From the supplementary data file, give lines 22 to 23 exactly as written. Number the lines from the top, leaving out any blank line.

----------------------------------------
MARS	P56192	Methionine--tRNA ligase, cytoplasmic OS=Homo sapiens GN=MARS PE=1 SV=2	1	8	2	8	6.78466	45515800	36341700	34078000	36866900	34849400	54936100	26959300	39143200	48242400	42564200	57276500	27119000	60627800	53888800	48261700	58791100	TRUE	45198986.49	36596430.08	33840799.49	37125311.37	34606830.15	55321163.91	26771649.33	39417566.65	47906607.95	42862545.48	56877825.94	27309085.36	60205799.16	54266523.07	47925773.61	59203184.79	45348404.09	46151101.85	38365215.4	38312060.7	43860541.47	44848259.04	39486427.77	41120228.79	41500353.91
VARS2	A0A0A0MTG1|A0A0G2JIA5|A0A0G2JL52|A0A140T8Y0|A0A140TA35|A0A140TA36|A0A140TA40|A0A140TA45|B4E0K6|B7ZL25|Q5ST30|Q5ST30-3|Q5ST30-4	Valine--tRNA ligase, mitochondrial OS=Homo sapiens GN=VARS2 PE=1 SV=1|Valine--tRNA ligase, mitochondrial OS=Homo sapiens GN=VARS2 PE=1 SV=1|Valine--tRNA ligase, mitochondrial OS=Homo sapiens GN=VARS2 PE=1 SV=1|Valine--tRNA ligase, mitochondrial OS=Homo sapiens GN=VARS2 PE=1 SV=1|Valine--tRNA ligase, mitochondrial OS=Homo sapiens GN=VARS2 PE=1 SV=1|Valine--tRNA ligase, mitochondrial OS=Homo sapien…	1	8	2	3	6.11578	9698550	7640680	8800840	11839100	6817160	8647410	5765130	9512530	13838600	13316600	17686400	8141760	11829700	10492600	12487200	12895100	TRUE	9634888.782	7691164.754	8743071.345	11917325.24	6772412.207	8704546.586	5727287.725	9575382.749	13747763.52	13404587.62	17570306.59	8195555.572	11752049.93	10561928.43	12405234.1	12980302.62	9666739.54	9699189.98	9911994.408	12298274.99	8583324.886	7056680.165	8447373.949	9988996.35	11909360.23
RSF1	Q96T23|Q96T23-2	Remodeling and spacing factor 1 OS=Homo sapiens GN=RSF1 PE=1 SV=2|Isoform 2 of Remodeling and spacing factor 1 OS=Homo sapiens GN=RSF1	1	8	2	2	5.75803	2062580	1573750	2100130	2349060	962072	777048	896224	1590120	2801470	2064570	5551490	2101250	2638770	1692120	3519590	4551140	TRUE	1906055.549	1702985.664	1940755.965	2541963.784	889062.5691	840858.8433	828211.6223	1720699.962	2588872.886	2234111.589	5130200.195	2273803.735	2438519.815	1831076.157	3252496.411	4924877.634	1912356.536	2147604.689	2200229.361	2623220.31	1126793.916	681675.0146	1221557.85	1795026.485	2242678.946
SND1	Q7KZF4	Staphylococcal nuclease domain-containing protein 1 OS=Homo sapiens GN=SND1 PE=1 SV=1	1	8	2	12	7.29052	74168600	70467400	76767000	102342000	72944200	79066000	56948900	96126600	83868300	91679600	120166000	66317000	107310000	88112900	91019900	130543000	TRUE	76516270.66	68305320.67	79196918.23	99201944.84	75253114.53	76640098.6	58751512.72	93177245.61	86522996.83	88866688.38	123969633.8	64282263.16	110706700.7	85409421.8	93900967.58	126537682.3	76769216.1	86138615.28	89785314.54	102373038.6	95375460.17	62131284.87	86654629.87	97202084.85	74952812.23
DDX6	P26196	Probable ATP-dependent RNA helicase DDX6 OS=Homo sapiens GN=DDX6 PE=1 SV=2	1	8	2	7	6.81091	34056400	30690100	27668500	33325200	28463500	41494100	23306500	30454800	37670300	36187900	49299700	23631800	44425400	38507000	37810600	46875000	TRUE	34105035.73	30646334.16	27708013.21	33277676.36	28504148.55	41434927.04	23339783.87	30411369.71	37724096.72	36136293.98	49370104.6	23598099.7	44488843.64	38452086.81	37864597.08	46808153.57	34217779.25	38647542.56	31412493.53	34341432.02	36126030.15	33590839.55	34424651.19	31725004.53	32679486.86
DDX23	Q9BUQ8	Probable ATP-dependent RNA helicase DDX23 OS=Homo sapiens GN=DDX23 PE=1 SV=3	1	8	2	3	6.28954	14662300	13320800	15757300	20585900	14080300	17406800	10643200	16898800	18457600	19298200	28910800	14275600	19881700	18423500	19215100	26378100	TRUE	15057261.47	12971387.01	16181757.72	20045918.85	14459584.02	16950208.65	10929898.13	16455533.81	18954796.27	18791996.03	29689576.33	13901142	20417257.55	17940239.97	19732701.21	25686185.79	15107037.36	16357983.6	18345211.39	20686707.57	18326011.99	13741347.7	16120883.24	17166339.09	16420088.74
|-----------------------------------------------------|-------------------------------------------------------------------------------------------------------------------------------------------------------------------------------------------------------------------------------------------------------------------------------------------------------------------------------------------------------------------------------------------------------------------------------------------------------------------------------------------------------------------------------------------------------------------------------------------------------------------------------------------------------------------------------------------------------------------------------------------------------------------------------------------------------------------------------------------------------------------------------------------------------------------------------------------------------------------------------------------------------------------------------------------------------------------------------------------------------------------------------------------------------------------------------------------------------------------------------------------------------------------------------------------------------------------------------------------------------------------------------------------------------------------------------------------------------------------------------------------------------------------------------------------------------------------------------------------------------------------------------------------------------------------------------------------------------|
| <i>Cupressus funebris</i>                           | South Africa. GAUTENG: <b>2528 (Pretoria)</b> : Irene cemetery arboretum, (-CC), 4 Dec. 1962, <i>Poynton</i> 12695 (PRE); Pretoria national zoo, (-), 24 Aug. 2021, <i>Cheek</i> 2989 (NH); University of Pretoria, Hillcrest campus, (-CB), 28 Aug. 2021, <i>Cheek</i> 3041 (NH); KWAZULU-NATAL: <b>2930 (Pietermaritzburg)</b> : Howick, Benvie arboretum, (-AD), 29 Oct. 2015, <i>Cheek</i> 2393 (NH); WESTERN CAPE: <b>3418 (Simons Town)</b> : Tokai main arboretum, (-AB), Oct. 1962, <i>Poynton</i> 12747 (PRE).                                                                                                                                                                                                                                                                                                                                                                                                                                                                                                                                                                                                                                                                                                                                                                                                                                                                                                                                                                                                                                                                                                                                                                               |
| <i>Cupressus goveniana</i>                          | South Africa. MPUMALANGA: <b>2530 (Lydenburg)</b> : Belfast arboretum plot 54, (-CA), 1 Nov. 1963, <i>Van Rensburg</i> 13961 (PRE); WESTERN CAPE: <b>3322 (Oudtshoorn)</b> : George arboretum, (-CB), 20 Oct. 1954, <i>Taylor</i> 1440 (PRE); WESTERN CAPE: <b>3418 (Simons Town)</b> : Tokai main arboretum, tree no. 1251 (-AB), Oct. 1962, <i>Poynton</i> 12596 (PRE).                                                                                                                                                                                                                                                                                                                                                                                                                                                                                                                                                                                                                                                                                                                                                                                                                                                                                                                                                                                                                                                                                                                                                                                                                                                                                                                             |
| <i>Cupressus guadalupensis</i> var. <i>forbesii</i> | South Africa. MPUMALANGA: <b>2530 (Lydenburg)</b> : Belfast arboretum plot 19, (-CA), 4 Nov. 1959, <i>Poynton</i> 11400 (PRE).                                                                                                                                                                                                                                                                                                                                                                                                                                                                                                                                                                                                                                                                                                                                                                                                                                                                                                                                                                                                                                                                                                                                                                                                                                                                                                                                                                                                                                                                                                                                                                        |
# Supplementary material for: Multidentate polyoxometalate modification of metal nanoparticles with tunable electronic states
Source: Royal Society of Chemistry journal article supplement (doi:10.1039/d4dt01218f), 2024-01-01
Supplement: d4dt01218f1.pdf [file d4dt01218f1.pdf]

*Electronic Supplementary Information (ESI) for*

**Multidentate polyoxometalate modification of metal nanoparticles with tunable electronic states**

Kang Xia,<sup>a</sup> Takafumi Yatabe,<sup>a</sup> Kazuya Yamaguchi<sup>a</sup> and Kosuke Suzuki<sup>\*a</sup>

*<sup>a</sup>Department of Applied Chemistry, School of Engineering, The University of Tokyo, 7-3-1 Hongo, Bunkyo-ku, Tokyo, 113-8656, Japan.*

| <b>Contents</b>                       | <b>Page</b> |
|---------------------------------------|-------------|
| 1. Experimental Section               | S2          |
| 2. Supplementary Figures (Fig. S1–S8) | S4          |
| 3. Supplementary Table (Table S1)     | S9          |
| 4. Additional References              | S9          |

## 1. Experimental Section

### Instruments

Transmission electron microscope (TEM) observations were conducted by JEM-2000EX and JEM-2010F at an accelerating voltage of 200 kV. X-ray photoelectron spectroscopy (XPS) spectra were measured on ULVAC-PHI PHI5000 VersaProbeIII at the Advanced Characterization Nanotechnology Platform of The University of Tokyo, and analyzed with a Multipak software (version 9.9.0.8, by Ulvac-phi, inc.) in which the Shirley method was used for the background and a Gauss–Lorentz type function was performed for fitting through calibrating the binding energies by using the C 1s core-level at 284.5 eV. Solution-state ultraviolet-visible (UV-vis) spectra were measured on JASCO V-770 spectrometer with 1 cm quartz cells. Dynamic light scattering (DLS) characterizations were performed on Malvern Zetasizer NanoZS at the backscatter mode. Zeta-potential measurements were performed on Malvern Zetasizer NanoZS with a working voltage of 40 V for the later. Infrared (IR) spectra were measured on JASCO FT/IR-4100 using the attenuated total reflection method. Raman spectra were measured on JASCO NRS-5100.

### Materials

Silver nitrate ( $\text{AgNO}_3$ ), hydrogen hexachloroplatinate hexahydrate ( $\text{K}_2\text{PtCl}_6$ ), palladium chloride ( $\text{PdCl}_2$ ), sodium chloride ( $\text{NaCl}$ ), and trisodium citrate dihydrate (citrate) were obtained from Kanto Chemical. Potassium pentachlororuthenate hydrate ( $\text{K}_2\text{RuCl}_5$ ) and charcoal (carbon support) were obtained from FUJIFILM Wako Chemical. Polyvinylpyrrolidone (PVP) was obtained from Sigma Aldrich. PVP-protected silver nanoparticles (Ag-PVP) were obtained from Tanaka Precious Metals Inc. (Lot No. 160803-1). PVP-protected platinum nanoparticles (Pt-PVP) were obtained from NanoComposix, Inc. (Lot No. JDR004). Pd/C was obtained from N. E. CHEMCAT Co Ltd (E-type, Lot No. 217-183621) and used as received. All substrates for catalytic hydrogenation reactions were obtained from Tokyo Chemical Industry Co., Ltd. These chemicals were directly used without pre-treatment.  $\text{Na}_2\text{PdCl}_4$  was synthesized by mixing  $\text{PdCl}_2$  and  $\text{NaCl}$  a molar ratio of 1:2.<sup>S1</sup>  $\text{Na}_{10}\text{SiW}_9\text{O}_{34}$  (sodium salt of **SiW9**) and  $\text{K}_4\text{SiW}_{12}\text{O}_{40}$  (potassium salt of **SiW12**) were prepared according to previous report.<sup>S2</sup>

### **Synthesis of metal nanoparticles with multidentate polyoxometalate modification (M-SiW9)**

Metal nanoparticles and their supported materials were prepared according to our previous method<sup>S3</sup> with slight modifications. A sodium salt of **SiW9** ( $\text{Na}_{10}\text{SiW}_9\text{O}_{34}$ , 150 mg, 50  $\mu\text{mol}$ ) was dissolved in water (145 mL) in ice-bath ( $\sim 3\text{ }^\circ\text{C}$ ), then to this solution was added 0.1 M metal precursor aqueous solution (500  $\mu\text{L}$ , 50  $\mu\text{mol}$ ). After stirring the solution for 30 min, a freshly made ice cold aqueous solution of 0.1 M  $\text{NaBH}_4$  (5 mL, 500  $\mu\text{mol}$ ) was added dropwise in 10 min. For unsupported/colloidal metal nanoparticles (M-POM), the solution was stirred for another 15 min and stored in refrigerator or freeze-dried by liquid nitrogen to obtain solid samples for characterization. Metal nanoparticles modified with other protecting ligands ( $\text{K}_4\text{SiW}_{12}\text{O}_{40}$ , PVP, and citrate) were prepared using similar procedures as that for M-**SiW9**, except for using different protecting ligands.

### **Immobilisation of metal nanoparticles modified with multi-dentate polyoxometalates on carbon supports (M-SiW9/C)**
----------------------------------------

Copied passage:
| 3. Supplementary Table (Table S1)     | S9          |
| 4. Additional References              | S9          |